I have spent nearly 20 years in the Arab world; conduct such as Haj Brahim's has been the rule, not the exception. I have naturally encountered bigotry and ignorance there too (plenty of it my own), but my overall impression of Arab people is one of fundamental decency. I've spent nearly 30 years in the U.S. and have similar feelings about American people, an overall impression of fundamental decency no matter what the papers say. In the early 1980s I found myself hitchhiking through the southern states. I had never been in the south before, and assumed that my chances were about 50-50 of getting clobbered by the same strain of Them that had clobbered Jack Nicholson in Easy Rider. Thus, I felt uneasy when I saw a man beckoning me from the door of a crossroads grocery in the southern Alabama town where I'd been fishing for a ride. "Hey, boy! Get in here!" he said. I looked to see if there were any boys around. The man was big and fat, like every red-neck sheriff in every half-wit film I'd seen about the south. He wore bib overalls and chewed tobacco. A card-carrying member of Them Southerners. "Yeah, you! Get in here!" he called. Expecting to have it kicked out of me shortly, I got my s__t together and crossed the road. "Here," the man said from behind the counter, and handed me something wrapped in wax paper. "You looked hungry." It was a pork chop sandwich, and he was right, I needed a decent meal. I don't know what to say about people like this.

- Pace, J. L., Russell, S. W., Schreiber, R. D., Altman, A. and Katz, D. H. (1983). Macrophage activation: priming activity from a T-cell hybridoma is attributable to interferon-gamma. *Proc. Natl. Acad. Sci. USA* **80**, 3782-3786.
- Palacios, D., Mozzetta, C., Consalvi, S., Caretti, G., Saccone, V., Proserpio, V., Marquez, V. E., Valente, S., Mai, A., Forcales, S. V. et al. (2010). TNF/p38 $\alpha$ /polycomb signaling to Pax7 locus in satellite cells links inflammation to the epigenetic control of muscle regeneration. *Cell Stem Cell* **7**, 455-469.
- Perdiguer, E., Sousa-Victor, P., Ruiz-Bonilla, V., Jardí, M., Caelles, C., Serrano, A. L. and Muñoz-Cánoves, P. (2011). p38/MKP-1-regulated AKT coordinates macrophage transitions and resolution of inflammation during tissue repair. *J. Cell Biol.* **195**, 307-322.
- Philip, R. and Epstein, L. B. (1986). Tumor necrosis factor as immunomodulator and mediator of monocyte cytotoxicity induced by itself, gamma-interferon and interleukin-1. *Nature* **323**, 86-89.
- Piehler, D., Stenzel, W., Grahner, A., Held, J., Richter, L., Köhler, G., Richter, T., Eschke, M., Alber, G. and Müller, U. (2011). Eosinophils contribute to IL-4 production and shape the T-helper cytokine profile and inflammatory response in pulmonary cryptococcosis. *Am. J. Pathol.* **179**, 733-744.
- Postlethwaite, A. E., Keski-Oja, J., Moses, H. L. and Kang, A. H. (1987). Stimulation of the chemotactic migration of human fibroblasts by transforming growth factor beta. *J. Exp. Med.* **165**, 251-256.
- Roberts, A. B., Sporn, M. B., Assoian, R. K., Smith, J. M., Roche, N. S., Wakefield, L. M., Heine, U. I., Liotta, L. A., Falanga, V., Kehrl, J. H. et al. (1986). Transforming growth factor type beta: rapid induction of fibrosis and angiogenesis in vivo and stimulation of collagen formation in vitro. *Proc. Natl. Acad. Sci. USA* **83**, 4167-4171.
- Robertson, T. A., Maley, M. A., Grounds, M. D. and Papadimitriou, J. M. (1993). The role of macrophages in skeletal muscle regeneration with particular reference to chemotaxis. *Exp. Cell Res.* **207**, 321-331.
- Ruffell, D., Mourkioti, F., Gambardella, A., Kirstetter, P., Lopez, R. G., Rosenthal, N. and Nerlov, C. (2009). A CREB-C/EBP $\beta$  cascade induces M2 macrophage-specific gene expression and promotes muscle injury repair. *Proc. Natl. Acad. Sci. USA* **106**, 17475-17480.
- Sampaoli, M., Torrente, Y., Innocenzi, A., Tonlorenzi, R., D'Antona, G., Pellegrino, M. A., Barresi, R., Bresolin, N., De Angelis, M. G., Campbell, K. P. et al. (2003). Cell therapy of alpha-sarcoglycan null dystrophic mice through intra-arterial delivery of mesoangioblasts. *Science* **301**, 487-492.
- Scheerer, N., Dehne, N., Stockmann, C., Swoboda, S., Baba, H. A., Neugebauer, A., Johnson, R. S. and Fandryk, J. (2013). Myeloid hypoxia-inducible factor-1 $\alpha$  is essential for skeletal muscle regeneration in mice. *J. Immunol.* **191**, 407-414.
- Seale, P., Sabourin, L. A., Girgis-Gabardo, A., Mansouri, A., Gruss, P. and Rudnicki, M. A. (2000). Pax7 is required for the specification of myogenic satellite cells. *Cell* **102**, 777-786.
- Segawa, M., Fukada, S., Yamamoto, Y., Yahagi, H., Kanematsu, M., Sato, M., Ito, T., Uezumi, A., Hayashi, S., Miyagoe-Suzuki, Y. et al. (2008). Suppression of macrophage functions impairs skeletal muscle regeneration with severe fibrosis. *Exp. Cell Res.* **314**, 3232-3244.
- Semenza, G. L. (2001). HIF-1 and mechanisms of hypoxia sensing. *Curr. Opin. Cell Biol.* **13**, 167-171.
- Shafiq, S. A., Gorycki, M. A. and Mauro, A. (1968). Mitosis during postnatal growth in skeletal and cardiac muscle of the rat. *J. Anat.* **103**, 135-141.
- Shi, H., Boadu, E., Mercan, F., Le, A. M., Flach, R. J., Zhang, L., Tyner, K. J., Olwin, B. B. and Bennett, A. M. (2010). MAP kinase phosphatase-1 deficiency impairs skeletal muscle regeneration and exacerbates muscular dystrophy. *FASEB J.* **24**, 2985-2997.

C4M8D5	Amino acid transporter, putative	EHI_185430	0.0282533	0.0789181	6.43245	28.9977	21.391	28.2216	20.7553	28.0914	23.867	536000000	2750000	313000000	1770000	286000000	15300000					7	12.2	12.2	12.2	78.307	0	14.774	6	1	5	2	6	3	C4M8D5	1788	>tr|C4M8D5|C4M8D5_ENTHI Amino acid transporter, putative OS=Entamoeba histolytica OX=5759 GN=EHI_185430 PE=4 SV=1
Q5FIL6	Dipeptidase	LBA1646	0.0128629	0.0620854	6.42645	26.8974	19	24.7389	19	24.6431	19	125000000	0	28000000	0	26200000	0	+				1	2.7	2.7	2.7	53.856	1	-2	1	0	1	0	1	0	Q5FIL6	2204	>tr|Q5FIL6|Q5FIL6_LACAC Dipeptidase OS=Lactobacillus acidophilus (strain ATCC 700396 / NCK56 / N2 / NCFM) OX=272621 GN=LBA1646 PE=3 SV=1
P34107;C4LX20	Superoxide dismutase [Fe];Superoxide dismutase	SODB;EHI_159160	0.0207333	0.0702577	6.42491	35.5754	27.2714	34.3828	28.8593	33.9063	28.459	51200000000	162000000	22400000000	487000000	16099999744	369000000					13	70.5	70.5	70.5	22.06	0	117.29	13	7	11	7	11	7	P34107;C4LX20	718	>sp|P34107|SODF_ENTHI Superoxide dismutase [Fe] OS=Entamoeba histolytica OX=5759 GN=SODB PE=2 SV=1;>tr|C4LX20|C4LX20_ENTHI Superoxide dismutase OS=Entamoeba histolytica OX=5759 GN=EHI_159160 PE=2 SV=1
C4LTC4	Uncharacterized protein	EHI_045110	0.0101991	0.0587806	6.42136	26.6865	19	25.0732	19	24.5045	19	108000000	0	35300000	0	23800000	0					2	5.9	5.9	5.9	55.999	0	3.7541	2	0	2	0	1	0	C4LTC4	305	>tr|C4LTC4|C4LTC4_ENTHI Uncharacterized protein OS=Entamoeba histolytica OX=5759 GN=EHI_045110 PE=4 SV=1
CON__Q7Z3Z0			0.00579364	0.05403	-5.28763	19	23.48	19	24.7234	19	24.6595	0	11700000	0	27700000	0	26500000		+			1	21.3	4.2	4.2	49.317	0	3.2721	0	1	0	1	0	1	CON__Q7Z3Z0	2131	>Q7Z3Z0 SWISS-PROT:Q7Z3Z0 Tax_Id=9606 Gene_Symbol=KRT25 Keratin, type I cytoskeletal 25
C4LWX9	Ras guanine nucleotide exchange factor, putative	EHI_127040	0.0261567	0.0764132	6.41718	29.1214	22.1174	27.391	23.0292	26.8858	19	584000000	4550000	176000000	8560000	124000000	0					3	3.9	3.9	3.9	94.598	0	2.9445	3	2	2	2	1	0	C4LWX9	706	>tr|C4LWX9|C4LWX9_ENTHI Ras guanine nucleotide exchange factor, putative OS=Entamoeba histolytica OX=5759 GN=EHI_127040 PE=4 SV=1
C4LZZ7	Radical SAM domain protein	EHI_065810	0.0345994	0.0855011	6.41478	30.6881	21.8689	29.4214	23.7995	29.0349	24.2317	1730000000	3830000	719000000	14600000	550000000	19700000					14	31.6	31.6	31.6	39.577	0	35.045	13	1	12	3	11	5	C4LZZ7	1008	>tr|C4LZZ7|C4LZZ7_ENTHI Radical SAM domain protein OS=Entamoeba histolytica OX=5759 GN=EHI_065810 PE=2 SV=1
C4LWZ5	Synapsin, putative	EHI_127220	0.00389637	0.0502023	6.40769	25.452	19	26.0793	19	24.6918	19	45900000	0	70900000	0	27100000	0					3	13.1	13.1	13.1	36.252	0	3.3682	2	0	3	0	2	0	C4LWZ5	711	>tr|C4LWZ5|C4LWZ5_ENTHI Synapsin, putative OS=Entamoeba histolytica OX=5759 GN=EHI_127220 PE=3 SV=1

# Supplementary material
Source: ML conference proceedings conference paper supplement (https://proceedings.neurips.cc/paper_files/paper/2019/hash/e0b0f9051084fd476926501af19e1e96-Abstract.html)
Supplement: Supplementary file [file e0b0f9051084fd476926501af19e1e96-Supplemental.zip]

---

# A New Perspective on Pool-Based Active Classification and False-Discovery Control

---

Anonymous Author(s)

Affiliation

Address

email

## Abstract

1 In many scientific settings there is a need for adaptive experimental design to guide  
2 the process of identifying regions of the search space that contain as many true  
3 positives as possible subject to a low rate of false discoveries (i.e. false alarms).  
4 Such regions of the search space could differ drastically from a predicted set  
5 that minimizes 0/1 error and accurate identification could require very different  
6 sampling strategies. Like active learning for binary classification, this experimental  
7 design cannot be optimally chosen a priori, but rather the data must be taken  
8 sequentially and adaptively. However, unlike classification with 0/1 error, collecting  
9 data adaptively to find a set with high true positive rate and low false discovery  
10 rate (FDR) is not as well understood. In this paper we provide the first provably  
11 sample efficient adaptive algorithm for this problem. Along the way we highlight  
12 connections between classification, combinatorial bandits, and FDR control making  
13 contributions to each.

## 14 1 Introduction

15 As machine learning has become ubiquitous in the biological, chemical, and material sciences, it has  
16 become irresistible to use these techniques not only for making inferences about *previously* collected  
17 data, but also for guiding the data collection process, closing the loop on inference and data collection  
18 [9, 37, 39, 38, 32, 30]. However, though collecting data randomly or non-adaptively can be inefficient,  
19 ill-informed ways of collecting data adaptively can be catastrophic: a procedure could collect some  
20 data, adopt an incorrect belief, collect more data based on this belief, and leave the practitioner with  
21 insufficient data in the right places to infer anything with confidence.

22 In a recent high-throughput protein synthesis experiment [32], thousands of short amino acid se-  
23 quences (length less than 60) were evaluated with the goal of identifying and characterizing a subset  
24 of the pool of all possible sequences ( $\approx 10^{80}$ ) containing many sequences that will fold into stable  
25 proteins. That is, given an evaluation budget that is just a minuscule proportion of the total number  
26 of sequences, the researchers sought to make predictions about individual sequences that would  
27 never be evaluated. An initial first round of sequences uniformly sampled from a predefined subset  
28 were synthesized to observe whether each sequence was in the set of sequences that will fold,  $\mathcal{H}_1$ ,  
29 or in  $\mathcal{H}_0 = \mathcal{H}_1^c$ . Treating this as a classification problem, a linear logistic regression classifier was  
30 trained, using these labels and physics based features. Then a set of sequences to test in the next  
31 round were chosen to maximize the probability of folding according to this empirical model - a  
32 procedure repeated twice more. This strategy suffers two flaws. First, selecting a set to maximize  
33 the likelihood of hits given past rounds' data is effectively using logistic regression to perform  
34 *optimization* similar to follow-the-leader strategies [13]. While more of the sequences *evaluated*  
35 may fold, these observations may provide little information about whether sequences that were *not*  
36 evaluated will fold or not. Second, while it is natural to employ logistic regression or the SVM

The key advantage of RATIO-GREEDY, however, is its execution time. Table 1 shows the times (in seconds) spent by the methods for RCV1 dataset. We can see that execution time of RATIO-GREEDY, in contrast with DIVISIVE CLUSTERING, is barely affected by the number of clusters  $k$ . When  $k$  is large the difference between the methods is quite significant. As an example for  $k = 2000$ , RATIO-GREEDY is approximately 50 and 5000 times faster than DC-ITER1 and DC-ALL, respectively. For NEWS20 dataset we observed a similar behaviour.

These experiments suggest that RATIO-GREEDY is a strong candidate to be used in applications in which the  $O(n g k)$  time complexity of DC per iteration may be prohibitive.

"They don't know how good we are," the President observed in the wake of September 11. The words made more sense than most Bush speech samples, but he might have added: "And we don't know how good they are. We must not forget that if we are to achieve anything close to an effective response to terrorism." It would have been humanly possible, and it need not have sounded weak or foolish. Lao Tzu said: "I find good people good, and I find bad people good if I am good enough." In the wake of September 11, the administration wasn't good enough to resist demonizing its enemy, which is part of what I think Lao Tzu meant by finding "bad people good." It wasn't big enough to propose or practice a measured and intelligent restraint. It was not dignified enough to insist on a concerted, determined, patient bid for justice that would take care not to punish and all too often kill the innocent and vulnerable. But then, Lao Tzu was not the president's favorite philosopher and he and his Jesus-spirited friends were eager to get bombs away in Afghanistan, and already drooling at the thought of war in Iraq. Shock and awe has made a lot of noise. Whether it's done a lot a good is less obvious. It seems to me that we (all of us) have been left not knowing how good we are, or how free from fear and stupidity we could be. The average government is none too eager to help us find out.
November 5, 2005